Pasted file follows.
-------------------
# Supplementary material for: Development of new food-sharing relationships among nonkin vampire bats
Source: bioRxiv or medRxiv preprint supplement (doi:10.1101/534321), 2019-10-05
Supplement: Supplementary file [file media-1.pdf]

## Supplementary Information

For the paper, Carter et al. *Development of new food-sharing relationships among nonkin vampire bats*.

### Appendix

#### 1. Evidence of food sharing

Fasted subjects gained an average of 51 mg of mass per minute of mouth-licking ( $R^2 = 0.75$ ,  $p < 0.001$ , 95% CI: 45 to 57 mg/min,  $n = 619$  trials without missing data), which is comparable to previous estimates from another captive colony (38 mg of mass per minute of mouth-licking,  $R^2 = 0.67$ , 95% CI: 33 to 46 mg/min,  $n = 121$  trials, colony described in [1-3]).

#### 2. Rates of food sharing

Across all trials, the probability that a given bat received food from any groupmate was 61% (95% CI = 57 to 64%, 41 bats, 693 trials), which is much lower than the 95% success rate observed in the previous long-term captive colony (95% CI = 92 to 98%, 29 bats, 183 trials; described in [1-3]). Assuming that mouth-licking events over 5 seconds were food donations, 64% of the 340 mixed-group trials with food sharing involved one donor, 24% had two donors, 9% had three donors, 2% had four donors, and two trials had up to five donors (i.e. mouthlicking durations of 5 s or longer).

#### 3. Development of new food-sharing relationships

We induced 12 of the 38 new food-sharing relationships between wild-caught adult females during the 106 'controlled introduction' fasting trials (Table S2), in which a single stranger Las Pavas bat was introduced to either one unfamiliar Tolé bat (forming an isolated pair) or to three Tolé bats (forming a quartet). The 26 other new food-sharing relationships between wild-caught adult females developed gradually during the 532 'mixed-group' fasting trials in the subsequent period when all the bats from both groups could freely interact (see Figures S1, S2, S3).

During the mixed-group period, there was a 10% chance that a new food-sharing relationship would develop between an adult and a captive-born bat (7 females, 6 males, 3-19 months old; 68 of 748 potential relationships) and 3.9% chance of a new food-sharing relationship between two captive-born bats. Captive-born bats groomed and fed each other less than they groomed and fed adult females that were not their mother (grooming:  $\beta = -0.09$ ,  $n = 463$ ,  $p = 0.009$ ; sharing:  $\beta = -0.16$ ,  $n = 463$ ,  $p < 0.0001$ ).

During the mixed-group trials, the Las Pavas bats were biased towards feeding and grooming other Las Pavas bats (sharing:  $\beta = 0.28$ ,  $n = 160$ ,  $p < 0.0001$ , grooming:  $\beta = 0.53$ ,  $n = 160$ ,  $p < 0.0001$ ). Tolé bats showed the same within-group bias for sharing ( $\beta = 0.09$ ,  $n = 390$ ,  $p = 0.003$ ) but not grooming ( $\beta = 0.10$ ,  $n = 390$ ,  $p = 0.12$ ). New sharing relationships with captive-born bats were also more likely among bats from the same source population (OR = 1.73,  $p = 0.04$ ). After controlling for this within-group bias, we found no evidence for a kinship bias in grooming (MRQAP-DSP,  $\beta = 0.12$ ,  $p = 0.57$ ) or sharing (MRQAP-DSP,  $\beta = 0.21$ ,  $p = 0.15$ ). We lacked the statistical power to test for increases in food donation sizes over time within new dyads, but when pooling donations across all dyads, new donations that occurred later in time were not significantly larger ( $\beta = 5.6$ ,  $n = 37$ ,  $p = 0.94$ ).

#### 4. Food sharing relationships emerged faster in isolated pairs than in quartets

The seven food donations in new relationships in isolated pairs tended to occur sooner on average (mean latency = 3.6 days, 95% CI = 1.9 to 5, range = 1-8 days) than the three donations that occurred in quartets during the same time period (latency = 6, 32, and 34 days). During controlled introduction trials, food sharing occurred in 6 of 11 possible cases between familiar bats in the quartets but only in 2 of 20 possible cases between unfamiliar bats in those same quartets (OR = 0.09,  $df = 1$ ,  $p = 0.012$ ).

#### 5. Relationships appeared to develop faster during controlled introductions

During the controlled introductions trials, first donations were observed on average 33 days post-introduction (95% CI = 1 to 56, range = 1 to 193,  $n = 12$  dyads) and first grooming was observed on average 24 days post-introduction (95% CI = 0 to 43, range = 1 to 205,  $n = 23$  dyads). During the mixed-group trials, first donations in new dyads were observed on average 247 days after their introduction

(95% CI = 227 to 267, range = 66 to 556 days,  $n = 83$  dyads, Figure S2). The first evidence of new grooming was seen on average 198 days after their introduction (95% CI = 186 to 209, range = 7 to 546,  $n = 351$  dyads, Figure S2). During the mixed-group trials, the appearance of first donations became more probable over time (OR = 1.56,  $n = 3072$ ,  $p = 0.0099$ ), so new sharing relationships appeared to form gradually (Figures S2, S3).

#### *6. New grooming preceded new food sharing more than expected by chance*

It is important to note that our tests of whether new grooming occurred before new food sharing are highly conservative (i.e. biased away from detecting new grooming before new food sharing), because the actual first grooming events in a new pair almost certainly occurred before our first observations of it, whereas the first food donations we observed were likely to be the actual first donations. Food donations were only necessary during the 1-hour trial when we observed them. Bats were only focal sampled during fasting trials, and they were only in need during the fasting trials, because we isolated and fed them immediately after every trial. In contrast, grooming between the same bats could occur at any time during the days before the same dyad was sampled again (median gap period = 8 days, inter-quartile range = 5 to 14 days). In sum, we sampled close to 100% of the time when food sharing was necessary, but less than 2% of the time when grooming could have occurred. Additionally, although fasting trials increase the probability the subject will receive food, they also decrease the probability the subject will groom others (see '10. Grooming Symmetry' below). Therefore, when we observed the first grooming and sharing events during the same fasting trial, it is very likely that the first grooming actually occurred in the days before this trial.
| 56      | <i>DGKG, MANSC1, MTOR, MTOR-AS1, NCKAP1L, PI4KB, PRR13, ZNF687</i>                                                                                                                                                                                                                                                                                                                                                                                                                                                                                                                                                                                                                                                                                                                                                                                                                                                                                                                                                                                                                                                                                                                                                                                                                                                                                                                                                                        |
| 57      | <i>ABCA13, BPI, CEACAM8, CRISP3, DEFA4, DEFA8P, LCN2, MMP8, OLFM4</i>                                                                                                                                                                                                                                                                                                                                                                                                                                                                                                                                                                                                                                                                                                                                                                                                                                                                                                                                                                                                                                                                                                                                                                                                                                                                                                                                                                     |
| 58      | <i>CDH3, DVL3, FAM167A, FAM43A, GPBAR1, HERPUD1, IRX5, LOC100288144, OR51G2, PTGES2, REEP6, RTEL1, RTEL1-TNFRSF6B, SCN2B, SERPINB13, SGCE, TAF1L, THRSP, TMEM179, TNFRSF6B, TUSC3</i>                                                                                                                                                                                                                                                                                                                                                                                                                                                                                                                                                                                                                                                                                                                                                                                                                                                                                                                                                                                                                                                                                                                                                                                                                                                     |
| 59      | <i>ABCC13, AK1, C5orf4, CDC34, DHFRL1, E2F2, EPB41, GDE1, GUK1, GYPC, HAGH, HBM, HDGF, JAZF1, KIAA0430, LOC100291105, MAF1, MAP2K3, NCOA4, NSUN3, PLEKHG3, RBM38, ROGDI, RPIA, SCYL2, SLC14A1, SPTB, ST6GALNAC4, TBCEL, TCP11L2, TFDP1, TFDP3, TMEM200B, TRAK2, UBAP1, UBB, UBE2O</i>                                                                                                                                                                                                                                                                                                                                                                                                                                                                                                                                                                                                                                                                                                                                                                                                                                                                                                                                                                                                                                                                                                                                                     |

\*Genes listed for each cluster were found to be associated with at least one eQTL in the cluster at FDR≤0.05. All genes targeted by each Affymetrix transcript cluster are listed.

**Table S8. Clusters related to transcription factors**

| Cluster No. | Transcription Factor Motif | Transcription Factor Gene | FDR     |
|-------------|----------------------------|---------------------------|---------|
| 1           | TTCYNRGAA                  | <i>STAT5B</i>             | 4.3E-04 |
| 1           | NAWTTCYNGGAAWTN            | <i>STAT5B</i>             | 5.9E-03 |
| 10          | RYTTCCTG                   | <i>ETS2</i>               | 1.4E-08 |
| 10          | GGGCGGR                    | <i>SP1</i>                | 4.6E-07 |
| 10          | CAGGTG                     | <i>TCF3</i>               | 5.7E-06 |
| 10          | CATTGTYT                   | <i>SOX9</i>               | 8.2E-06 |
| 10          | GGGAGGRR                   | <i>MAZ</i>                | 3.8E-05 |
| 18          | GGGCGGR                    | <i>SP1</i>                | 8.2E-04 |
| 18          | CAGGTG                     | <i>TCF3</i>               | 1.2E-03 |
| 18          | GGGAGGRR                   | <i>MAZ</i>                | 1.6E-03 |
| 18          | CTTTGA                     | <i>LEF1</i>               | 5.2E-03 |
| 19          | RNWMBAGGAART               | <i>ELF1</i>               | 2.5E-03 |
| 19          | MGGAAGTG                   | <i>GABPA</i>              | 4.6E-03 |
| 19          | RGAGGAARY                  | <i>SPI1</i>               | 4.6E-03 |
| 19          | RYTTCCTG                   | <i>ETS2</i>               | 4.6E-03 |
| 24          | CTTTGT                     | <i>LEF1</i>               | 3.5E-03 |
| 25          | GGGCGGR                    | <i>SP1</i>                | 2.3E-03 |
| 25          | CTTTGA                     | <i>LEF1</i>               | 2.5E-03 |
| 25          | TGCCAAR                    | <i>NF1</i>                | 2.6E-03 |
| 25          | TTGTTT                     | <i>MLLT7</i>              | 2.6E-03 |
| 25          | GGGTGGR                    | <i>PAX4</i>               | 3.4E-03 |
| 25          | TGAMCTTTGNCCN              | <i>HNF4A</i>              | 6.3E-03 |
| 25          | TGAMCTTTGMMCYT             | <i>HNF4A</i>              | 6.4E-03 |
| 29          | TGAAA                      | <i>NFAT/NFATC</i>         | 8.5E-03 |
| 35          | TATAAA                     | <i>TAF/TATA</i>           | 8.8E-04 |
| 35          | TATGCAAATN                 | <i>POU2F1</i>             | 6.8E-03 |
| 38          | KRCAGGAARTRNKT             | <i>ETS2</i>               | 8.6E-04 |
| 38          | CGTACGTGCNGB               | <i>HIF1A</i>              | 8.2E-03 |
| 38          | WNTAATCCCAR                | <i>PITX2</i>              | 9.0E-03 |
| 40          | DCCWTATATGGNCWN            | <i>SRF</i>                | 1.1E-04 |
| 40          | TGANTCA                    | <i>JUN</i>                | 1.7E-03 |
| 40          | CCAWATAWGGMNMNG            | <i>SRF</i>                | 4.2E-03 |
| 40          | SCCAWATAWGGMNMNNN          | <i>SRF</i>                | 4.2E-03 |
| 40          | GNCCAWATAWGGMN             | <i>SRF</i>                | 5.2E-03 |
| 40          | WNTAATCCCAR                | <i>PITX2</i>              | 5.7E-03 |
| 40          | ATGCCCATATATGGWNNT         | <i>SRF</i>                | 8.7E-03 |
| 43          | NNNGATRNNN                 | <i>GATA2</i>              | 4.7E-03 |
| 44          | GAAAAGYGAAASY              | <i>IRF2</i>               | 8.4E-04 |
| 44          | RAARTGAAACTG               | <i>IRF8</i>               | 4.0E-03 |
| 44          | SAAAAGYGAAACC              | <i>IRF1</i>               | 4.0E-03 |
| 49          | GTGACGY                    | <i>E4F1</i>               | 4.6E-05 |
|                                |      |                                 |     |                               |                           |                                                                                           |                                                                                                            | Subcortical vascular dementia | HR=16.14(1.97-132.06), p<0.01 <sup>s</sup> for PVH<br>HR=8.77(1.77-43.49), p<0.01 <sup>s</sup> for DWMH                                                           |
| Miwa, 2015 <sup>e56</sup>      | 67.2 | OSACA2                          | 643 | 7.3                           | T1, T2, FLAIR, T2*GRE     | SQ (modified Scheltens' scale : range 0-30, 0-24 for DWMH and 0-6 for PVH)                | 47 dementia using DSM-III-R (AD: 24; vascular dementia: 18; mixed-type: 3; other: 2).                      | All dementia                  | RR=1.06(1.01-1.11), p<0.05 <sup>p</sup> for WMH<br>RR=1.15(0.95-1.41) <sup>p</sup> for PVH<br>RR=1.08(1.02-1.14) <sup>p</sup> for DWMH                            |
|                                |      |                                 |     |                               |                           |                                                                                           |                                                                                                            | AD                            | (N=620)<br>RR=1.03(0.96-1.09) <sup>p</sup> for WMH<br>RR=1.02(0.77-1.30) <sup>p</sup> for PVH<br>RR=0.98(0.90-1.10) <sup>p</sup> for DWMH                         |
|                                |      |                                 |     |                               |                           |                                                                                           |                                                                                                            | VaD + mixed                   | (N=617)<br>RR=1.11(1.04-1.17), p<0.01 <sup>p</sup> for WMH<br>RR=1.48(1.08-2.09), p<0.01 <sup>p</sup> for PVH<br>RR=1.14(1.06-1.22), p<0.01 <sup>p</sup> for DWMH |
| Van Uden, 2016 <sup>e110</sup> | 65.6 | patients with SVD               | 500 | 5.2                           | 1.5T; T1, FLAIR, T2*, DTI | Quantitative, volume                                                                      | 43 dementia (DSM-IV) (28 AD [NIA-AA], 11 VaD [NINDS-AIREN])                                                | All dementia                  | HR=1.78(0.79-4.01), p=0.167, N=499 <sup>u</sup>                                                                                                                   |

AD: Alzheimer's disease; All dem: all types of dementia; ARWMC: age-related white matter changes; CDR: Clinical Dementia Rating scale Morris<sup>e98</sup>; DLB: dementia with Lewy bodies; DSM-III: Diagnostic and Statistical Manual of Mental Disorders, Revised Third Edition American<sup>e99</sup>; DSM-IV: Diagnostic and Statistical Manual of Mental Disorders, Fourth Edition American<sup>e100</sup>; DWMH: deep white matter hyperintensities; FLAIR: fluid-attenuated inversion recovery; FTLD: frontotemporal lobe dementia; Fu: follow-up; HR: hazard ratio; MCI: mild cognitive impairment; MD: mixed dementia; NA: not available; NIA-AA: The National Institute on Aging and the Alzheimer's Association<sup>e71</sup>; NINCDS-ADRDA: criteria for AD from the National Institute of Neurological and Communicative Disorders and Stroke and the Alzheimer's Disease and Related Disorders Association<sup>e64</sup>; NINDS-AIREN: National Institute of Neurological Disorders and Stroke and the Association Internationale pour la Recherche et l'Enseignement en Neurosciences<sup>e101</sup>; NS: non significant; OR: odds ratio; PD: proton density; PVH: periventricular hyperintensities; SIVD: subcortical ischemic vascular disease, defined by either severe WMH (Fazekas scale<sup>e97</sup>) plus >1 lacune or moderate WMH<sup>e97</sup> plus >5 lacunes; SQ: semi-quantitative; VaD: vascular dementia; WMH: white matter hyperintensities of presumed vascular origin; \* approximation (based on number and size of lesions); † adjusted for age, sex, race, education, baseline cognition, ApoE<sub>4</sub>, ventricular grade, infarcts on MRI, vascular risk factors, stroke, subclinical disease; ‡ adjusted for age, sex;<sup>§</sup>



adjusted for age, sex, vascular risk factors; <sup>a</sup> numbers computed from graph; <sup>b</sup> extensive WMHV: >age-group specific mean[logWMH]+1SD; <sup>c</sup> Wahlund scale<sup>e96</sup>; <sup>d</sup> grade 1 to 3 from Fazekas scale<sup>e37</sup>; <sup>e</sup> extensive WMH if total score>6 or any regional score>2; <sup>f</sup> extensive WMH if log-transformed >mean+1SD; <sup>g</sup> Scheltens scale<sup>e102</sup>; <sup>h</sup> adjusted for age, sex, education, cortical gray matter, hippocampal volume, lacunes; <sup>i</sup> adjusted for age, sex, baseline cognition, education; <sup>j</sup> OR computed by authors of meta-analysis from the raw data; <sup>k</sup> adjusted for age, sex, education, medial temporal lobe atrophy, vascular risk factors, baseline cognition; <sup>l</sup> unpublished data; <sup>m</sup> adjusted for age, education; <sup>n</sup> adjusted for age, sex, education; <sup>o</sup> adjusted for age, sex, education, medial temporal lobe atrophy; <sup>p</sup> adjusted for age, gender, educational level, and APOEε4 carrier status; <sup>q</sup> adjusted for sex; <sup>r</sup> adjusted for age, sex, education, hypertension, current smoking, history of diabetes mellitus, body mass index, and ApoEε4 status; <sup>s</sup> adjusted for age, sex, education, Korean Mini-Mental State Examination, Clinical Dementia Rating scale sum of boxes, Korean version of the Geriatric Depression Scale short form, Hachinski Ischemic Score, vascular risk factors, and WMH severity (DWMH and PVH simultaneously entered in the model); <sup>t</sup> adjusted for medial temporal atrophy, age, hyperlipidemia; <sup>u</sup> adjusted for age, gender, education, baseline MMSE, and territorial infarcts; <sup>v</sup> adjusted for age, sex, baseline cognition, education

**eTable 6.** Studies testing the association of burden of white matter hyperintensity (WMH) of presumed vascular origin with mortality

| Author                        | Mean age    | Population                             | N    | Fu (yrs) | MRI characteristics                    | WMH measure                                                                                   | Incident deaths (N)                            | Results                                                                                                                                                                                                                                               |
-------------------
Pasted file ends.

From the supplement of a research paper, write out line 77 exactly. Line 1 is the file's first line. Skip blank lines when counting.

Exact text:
adjusted for age, sex, vascular risk factors; <sup>a</sup> numbers computed from graph; <sup>b</sup> extensive WMHV: >age-group specific mean[logWMH]+1SD; <sup>c</sup> Wahlund scale<sup>e96</sup>; <sup>d</sup> grade 1 to 3 from Fazekas scale<sup>e37</sup>; <sup>e</sup> extensive WMH if total score>6 or any regional score>2; <sup>f</sup> extensive WMH if log-transformed >mean+1SD; <sup>g</sup> Scheltens scale<sup>e102</sup>; <sup>h</sup> adjusted for age, sex, education, cortical gray matter, hippocampal volume, lacunes; <sup>i</sup> adjusted for age, sex, baseline cognition, education; <sup>j</sup> OR computed by authors of meta-analysis from the raw data; <sup>k</sup> adjusted for age, sex, education, medial temporal lobe atrophy, vascular risk factors, baseline cognition; <sup>l</sup> unpublished data; <sup>m</sup> adjusted for age, education; <sup>n</sup> adjusted for age, sex, education; <sup>o</sup> adjusted for age, sex, education, medial temporal lobe atrophy; <sup>p</sup> adjusted for age, gender, educational level, and APOEε4 carrier status; <sup>q</sup> adjusted for sex; <sup>r</sup> adjusted for age, sex, education, hypertension, current smoking, history of diabetes mellitus, body mass index, and ApoEε4 status; <sup>s</sup> adjusted for age, sex, education, Korean Mini-Mental State Examination, Clinical Dementia Rating scale sum of boxes, Korean version of the Geriatric Depression Scale short form, Hachinski Ischemic Score, vascular risk factors, and WMH severity (DWMH and PVH simultaneously entered in the model); <sup>t</sup> adjusted for medial temporal atrophy, age, hyperlipidemia; <sup>u</sup> adjusted for age, gender, education, baseline MMSE, and territorial infarcts; <sup>v</sup> adjusted for age, sex, baseline cognition, education